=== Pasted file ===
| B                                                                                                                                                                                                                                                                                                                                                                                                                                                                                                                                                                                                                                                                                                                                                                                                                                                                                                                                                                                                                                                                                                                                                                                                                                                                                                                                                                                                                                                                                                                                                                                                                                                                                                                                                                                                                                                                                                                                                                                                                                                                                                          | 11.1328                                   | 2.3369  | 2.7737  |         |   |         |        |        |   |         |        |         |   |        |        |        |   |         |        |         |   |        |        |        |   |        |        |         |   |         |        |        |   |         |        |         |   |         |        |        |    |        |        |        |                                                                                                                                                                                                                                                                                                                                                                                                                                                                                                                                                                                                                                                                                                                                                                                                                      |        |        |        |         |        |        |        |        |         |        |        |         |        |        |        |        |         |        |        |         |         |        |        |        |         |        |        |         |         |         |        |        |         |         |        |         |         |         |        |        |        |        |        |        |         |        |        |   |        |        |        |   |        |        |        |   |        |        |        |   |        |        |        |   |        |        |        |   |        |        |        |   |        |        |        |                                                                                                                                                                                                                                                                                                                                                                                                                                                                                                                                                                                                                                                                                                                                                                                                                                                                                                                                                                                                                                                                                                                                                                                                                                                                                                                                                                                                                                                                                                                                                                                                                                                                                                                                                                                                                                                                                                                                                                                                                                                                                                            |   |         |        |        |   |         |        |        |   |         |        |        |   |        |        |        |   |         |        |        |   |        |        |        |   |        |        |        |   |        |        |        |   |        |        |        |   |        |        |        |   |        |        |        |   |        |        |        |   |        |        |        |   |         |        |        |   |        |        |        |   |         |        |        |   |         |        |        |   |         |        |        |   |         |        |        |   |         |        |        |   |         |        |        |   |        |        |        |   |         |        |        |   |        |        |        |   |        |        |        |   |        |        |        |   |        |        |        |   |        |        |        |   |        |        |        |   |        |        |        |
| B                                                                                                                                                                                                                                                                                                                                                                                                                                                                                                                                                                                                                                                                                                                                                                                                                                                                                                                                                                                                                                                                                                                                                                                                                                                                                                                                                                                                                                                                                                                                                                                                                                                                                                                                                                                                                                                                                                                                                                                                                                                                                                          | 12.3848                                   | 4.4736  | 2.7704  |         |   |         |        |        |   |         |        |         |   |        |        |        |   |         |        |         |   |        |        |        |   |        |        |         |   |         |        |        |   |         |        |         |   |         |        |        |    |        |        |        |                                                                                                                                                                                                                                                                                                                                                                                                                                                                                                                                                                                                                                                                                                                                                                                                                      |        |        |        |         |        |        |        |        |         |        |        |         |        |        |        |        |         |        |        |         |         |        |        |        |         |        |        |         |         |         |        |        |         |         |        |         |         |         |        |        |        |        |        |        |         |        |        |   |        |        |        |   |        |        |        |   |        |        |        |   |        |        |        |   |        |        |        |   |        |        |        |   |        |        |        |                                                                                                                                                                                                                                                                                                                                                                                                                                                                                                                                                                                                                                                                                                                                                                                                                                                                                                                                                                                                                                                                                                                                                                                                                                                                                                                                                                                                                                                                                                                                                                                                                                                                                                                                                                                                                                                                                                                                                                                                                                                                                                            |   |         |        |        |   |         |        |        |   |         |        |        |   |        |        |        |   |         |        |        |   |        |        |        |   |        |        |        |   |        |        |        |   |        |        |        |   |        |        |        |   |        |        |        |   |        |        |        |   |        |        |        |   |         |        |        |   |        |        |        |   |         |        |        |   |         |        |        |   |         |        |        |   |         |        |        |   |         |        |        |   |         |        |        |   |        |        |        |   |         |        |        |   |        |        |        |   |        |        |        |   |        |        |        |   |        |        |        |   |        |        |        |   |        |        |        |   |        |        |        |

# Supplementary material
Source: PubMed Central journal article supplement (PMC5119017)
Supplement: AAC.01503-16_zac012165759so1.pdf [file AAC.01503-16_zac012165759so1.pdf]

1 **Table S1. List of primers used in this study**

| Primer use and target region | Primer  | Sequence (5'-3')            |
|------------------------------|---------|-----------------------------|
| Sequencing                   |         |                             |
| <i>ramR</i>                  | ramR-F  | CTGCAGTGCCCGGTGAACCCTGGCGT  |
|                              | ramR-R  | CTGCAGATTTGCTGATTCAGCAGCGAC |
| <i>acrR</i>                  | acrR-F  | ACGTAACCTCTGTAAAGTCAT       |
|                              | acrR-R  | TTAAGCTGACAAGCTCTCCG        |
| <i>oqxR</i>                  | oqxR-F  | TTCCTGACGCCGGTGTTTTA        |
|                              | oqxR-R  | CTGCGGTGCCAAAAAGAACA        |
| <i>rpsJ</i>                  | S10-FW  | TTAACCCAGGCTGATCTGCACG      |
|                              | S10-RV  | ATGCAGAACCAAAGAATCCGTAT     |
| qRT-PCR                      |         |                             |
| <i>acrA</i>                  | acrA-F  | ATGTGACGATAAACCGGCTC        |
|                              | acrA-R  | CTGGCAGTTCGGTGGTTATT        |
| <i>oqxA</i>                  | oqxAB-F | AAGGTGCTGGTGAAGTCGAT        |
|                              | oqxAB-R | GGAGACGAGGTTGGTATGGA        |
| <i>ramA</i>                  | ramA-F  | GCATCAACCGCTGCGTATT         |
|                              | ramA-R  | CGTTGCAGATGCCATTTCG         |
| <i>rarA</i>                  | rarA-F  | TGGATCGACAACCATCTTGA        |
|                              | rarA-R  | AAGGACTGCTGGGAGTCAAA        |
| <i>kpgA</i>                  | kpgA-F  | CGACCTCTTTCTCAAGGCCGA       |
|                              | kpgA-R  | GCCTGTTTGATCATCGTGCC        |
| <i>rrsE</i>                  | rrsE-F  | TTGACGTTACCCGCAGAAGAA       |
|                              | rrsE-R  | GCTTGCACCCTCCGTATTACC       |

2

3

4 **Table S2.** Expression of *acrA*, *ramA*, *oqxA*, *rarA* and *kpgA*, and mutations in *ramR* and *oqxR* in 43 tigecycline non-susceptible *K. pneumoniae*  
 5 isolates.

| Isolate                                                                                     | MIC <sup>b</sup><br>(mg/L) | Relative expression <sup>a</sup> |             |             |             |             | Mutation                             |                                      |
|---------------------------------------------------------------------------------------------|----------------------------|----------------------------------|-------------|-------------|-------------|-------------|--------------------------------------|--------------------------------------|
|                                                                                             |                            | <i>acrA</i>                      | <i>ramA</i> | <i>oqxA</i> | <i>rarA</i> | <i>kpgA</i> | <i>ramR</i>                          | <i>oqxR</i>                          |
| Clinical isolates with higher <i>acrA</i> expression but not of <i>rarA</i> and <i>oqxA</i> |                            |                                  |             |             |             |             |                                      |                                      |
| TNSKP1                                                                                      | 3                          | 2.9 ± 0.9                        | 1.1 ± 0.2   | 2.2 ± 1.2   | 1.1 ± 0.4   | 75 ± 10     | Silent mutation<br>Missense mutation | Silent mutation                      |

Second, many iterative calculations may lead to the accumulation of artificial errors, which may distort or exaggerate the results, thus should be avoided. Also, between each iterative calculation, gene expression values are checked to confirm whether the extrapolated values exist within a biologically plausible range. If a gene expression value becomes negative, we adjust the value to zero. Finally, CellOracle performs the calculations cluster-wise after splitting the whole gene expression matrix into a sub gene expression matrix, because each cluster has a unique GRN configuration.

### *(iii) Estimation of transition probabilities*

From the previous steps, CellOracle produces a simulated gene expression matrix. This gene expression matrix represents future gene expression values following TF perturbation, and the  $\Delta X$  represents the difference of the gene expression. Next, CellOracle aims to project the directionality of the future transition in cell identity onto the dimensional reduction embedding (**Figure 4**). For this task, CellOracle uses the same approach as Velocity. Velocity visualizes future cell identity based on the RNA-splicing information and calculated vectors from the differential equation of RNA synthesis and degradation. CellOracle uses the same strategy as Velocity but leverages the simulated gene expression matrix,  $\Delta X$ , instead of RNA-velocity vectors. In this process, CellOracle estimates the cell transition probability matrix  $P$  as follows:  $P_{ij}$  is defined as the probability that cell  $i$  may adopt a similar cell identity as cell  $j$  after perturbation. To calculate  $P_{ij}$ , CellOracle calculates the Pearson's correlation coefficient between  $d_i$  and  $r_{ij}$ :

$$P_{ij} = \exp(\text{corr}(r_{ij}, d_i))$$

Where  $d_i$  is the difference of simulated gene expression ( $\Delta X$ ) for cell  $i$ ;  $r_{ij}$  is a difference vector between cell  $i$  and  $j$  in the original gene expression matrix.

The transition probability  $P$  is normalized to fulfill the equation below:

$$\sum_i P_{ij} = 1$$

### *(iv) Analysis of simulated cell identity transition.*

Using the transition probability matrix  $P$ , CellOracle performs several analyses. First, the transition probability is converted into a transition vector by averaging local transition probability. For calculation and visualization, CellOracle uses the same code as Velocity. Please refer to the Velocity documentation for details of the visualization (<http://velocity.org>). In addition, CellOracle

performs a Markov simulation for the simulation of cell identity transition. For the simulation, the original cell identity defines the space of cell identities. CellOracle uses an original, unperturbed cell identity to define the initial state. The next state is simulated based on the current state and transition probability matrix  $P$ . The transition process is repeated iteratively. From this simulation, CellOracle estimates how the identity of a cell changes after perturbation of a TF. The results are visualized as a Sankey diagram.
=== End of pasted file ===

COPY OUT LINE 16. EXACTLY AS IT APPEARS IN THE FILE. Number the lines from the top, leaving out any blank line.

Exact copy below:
| <i>rpsJ</i>                  | S10-FW  | TTAACCCAGGCTGATCTGCACG      |